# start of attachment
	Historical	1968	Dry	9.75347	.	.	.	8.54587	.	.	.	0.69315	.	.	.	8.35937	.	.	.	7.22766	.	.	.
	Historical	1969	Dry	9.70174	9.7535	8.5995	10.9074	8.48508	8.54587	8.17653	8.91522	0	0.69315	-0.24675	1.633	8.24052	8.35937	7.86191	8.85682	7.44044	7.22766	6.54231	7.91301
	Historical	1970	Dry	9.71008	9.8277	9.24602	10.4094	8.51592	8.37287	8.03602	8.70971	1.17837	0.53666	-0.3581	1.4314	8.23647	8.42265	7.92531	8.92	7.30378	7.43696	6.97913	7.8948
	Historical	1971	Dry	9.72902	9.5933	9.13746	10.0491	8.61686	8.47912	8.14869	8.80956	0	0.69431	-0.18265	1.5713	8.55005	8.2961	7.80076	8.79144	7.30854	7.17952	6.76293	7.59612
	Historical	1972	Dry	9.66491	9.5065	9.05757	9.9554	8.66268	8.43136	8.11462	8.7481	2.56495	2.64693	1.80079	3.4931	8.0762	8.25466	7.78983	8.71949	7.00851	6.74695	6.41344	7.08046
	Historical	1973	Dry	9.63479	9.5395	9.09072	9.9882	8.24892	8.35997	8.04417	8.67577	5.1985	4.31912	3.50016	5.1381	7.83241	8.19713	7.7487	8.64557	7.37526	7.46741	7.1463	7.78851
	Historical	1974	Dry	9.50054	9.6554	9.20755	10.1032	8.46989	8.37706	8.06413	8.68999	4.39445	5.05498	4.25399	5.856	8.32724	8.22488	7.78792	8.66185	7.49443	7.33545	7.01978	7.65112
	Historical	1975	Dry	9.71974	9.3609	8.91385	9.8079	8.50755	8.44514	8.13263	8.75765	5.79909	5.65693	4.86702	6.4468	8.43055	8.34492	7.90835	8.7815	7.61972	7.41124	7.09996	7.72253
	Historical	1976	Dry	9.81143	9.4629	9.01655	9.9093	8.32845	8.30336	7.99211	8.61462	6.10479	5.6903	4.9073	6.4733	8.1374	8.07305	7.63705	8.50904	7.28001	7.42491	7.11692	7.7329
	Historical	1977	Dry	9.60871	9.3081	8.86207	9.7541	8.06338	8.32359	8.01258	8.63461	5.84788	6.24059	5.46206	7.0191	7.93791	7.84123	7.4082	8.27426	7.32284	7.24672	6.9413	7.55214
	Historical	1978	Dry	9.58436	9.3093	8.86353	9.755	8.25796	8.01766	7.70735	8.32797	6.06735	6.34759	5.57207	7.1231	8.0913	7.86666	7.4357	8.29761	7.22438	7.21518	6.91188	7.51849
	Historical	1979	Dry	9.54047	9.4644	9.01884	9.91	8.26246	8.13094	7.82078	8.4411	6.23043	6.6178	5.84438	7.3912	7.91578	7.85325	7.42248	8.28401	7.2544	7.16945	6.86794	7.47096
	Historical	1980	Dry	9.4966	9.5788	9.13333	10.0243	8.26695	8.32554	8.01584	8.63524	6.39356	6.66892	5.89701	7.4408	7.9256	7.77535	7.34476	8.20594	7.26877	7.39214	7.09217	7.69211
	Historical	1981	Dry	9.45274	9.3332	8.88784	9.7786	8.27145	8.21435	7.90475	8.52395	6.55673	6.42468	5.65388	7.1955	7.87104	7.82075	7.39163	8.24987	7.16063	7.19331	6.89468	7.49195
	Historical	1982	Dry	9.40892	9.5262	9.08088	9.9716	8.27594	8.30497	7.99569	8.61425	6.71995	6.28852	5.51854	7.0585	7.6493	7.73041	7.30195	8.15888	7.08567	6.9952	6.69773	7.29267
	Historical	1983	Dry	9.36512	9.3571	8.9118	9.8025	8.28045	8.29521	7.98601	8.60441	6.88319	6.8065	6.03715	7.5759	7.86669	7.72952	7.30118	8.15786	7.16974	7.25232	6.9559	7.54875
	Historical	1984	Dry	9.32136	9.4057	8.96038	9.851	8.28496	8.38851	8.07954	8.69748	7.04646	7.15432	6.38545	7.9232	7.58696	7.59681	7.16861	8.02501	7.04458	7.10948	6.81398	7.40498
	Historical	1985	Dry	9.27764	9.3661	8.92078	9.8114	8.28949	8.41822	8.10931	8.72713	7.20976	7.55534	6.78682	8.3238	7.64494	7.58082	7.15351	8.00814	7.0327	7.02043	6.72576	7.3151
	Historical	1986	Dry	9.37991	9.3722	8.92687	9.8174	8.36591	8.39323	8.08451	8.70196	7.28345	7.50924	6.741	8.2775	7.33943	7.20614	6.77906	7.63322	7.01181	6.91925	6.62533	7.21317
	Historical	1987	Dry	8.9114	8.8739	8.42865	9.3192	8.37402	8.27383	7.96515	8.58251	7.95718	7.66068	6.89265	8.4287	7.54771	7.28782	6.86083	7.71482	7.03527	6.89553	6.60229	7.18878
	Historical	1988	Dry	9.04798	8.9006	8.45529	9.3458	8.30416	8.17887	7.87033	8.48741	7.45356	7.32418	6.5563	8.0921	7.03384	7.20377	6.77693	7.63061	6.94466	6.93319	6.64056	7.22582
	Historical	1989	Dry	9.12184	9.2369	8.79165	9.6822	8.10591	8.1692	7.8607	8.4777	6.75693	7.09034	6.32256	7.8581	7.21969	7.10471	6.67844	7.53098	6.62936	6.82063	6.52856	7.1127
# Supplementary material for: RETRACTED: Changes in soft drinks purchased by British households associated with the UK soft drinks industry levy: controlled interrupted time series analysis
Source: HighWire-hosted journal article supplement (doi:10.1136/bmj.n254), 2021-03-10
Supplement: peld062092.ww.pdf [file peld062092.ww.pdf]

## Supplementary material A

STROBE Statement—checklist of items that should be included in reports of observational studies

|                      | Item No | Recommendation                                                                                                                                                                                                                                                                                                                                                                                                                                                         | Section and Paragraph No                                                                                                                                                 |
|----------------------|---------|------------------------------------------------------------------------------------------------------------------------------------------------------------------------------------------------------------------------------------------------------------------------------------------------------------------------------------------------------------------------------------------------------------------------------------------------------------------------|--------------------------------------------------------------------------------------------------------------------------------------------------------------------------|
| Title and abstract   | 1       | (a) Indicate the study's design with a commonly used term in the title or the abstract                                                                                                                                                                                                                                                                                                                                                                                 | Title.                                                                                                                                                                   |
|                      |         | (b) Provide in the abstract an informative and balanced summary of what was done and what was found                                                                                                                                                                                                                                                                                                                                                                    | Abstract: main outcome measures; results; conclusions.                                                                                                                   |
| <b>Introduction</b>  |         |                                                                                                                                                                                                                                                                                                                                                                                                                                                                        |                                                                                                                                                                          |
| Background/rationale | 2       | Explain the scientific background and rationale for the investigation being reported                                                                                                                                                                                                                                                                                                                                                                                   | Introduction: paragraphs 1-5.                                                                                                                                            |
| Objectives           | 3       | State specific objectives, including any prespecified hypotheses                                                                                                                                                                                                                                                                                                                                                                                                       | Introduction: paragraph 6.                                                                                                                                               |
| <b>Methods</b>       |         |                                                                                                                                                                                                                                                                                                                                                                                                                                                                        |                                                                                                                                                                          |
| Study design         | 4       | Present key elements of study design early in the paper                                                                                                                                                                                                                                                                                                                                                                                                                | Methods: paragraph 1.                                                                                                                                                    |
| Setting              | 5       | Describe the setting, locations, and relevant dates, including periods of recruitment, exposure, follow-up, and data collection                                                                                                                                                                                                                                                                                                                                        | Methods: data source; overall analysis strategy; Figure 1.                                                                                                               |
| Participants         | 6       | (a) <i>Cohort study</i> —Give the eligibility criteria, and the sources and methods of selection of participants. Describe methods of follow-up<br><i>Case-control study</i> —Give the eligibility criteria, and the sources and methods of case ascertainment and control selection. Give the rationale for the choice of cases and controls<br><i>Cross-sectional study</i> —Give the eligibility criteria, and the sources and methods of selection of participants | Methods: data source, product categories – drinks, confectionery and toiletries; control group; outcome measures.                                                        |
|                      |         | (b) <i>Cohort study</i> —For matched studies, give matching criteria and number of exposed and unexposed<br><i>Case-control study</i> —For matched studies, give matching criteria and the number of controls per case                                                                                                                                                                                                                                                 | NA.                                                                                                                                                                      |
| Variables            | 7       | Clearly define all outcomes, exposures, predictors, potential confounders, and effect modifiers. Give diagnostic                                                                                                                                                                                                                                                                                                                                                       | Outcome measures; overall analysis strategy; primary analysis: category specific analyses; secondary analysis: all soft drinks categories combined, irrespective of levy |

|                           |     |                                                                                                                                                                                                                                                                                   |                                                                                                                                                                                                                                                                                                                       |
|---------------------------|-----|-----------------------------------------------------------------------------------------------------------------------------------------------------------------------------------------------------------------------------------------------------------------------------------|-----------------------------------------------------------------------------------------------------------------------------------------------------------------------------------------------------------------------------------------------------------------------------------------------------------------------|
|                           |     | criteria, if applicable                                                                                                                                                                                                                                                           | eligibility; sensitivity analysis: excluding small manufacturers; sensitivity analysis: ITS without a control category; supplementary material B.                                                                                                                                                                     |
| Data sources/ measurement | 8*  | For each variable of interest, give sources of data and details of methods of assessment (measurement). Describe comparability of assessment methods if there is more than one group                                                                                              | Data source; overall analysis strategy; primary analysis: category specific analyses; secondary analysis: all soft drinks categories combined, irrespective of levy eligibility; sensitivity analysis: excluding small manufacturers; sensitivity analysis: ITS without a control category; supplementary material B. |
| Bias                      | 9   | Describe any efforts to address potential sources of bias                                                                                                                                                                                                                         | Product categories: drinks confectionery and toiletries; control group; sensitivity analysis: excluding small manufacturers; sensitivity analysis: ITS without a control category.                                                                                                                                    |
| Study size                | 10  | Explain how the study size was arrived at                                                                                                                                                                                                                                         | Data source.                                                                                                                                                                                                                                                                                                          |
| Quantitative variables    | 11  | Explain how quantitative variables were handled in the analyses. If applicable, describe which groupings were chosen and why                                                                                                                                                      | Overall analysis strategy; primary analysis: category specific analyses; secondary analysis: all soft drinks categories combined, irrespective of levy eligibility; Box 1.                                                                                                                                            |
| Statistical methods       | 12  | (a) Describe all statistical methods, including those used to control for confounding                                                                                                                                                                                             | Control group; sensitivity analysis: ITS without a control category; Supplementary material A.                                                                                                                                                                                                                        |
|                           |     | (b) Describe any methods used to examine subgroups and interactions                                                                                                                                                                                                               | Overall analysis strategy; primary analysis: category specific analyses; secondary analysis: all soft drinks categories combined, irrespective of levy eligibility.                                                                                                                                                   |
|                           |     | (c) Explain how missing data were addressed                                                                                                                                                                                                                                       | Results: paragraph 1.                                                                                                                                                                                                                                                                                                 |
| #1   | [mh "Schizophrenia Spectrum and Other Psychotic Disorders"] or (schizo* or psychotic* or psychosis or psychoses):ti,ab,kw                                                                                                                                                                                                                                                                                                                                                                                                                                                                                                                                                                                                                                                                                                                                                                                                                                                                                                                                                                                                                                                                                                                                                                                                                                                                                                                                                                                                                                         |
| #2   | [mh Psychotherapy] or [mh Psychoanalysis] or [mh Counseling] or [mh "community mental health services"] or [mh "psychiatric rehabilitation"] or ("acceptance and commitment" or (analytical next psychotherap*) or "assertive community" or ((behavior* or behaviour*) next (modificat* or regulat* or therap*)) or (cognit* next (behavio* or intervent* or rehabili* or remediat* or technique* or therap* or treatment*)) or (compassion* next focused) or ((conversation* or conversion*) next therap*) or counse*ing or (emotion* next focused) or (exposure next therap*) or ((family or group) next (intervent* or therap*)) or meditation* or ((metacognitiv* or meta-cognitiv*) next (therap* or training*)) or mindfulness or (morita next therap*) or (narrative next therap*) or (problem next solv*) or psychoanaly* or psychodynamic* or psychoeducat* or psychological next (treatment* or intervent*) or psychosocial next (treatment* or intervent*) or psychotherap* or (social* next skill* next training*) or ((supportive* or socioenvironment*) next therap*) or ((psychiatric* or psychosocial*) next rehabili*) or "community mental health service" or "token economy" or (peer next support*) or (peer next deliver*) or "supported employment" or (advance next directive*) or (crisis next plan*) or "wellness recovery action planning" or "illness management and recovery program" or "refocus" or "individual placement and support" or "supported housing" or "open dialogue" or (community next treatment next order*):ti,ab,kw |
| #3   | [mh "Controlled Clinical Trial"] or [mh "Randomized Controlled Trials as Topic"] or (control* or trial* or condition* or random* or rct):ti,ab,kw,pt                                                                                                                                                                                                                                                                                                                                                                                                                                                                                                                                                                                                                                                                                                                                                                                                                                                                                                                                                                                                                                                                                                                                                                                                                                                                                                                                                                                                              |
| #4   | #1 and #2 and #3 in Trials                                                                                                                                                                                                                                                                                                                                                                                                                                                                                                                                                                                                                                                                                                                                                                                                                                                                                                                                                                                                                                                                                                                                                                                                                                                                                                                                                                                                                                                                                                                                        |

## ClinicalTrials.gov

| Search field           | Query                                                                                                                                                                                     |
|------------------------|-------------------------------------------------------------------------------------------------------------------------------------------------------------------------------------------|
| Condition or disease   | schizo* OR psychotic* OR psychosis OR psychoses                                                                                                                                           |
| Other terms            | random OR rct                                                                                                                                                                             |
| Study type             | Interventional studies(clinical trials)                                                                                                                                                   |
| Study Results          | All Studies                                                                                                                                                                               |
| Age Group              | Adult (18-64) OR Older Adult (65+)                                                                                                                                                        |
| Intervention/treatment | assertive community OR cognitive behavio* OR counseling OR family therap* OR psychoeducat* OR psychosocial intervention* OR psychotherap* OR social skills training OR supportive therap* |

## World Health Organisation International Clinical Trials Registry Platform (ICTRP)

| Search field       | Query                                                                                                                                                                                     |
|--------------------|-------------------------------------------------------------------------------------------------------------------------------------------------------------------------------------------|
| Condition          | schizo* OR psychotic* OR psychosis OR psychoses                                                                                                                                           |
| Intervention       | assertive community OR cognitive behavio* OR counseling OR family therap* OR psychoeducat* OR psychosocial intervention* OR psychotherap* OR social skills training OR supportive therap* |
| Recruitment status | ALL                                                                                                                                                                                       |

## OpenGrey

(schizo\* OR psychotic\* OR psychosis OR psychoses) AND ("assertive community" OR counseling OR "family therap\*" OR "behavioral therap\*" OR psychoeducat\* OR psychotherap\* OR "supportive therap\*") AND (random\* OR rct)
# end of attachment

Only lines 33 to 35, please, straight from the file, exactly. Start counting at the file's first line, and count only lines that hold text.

| Background/rationale | 2       | Explain the scientific background and rationale for the investigation being reported                                                                                                                                                                                                                                                                                                                                                                                   | Introduction: paragraphs 1-5.                                                                                                                                            |
| Objectives           | 3       | State specific objectives, including any prespecified hypotheses                                                                                                                                                                                                                                                                                                                                                                                                       | Introduction: paragraph 6.                                                                                                                                               |
| <b>Methods</b>       |         |                                                                                                                                                                                                                                                                                                                                                                                                                                                                        |                                                                                                                                                                          |